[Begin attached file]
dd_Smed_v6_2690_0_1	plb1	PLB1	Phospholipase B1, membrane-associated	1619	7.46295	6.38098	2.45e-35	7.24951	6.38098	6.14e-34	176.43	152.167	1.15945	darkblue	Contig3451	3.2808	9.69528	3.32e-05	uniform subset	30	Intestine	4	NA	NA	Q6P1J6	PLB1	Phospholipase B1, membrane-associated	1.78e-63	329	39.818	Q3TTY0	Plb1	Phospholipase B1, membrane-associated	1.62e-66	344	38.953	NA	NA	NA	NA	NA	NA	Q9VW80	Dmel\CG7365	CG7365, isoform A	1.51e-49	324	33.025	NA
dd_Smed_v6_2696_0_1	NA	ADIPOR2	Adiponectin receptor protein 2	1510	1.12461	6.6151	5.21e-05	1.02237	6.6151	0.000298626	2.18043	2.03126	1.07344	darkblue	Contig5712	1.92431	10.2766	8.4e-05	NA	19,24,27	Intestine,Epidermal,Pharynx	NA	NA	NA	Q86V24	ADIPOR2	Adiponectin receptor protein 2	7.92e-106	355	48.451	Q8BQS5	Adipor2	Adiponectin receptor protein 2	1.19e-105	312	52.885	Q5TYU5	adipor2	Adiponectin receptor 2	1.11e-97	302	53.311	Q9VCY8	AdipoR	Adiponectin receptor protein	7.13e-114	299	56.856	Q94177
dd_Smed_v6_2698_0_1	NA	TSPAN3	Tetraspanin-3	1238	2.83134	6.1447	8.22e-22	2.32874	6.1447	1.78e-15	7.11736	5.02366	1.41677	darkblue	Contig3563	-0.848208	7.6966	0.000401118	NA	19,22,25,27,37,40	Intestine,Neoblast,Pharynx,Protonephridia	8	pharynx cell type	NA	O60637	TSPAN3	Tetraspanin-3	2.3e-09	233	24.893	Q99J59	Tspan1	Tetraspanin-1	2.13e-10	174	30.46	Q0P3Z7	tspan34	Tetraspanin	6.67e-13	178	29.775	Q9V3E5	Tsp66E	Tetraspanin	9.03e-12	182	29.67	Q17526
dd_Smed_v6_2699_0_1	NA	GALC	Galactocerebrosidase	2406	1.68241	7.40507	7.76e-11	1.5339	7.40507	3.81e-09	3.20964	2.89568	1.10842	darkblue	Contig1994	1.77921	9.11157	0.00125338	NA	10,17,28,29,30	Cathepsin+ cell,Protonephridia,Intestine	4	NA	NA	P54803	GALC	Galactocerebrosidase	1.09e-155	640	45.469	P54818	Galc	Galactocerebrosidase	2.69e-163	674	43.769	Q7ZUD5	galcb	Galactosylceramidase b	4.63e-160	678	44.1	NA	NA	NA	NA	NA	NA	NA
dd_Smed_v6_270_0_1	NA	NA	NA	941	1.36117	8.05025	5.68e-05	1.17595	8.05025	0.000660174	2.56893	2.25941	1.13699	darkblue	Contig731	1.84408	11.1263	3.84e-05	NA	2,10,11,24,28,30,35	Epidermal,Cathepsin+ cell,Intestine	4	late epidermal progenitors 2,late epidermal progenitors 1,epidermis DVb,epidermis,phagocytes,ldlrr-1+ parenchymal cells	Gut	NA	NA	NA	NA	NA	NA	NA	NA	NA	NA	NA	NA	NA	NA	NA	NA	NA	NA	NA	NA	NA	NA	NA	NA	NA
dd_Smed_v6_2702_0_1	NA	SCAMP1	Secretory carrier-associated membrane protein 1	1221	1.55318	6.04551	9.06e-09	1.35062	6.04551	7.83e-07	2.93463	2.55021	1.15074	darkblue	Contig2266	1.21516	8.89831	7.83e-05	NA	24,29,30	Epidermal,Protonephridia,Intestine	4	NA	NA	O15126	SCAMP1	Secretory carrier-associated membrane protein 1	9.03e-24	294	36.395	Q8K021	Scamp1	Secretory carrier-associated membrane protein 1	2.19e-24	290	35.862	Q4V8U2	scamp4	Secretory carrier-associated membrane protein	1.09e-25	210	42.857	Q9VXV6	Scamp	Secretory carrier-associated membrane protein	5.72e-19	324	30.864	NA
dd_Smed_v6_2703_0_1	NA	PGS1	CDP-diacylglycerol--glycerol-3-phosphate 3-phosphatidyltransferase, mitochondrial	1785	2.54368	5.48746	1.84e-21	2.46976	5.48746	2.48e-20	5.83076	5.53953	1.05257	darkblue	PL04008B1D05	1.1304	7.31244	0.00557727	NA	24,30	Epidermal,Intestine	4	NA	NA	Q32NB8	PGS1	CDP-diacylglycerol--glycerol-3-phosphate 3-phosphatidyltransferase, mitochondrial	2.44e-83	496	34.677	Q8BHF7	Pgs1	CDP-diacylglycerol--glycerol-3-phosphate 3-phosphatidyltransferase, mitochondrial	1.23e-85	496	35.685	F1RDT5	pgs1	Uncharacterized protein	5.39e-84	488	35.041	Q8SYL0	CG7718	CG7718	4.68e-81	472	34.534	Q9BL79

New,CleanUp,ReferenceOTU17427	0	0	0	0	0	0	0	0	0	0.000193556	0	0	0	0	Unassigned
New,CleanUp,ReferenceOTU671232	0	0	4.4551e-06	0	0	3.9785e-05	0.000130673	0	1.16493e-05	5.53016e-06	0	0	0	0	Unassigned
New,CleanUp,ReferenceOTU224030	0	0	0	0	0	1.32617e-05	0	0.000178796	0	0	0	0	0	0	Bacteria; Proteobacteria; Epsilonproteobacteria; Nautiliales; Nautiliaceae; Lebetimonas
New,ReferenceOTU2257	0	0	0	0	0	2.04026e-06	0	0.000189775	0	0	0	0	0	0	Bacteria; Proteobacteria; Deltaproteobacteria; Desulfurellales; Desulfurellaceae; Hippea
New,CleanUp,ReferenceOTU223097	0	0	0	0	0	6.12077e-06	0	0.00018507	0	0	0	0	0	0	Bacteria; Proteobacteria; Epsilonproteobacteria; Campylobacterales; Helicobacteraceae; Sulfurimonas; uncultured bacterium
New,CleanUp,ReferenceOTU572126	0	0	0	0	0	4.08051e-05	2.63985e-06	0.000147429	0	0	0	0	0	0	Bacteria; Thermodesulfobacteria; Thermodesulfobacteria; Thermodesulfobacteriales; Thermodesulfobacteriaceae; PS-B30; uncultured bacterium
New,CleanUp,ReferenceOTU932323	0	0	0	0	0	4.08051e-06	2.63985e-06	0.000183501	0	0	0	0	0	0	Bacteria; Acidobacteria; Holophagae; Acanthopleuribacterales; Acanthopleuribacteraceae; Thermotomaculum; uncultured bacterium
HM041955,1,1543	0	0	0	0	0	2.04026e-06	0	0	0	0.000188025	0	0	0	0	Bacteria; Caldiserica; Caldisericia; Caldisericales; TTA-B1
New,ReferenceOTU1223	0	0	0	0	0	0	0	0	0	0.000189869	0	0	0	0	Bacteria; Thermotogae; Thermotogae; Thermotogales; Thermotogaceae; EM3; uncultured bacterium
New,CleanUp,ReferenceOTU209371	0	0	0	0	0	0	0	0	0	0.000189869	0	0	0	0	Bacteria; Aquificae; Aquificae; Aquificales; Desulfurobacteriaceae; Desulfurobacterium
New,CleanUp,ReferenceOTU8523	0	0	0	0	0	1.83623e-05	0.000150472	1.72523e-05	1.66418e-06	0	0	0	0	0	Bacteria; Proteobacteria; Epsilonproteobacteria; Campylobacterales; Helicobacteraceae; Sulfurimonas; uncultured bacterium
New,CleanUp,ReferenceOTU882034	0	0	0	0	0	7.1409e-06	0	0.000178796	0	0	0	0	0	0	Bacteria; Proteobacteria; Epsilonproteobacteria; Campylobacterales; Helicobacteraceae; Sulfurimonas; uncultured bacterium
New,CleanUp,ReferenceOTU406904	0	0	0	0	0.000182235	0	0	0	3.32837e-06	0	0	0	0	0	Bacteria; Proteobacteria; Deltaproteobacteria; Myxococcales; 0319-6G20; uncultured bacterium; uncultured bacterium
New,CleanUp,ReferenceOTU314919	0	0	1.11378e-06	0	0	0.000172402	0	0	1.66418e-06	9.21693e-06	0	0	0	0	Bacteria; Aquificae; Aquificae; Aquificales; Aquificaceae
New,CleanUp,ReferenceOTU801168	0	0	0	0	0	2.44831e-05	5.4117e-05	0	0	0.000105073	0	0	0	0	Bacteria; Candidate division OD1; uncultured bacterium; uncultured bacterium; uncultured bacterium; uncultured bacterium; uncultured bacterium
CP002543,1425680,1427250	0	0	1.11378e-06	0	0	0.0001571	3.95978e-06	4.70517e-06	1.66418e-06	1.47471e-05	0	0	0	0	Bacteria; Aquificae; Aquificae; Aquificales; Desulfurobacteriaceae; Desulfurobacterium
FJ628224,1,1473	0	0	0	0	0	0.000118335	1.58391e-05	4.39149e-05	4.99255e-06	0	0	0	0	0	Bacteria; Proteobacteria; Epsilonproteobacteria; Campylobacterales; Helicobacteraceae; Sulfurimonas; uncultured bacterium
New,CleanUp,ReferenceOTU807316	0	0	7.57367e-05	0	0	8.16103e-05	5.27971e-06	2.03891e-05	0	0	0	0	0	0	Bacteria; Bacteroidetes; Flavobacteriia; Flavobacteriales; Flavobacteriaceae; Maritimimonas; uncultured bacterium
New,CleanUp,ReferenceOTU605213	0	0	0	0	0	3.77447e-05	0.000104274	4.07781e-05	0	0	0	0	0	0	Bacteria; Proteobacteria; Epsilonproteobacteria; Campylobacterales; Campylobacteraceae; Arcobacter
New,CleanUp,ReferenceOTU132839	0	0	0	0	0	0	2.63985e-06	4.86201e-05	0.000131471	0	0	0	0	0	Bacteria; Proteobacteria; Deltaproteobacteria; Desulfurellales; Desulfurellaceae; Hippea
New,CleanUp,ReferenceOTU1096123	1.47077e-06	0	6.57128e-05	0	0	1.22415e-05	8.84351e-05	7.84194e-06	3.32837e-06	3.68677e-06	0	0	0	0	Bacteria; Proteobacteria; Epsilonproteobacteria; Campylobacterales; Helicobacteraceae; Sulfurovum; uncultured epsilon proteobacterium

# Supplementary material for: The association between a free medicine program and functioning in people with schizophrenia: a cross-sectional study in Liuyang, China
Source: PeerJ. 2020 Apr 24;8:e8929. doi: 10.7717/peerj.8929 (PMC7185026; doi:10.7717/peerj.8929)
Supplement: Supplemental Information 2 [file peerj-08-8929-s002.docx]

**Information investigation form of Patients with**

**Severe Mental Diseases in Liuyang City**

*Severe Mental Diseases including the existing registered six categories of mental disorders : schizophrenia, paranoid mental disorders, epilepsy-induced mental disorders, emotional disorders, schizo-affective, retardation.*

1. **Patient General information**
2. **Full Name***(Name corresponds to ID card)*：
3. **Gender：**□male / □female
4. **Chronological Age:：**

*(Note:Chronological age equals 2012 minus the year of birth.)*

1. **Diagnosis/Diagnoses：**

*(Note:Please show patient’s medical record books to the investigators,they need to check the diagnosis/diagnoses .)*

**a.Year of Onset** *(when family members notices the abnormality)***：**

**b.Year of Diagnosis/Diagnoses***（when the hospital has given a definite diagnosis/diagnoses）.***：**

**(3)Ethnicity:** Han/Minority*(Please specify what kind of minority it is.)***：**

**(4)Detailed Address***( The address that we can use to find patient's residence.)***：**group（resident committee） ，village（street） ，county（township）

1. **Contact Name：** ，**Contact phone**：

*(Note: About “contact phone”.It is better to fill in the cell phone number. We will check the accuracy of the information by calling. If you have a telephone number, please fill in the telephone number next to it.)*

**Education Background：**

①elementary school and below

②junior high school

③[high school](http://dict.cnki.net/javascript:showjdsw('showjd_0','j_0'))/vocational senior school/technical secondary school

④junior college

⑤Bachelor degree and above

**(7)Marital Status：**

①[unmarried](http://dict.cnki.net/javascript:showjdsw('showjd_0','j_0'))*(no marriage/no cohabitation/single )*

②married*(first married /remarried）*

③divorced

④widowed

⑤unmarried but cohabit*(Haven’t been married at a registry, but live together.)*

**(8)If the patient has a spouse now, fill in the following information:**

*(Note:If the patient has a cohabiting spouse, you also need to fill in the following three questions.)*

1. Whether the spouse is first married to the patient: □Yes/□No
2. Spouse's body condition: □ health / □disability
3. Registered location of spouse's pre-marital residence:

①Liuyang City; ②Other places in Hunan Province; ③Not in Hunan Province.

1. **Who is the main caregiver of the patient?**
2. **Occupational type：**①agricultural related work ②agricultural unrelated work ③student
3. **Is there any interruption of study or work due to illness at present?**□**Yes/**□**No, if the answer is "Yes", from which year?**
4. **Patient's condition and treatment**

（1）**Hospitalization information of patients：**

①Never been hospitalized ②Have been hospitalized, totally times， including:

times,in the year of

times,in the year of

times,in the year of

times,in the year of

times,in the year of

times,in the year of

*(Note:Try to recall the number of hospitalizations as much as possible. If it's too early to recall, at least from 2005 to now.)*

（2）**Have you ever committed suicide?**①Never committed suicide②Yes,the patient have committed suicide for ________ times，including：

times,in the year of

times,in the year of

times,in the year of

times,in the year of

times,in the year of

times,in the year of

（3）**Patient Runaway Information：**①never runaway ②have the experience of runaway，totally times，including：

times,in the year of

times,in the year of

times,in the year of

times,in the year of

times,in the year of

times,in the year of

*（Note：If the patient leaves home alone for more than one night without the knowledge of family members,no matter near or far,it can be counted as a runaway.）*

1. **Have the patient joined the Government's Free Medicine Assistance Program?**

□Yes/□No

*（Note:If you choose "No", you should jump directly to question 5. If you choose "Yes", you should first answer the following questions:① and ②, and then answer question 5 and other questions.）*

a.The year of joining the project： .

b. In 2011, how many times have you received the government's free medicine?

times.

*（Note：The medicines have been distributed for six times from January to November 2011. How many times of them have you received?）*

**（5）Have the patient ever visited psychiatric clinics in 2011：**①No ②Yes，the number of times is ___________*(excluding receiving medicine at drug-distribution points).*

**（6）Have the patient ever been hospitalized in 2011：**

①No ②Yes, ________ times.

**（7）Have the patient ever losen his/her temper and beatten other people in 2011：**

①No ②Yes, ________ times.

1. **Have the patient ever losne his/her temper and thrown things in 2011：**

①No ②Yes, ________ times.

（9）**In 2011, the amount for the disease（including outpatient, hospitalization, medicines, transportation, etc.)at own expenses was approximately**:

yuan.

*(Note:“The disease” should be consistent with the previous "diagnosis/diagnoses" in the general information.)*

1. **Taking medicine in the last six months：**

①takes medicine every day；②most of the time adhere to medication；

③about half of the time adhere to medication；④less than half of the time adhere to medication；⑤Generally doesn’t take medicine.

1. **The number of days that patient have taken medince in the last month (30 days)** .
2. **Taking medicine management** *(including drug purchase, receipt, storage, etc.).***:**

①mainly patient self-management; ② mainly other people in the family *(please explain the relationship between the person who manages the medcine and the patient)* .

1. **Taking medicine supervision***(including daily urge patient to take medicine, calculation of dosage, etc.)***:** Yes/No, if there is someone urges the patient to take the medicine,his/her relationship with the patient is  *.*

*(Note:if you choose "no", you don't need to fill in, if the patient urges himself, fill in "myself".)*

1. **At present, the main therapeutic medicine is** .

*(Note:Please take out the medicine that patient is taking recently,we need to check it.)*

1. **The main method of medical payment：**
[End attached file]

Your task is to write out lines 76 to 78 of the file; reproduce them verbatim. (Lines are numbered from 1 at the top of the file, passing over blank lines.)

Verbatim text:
times,in the year of

times,in the year of

*(Note:Try to recall the number of hospitalizations as much as possible. If it's too early to recall, at least from 2005 to now.)*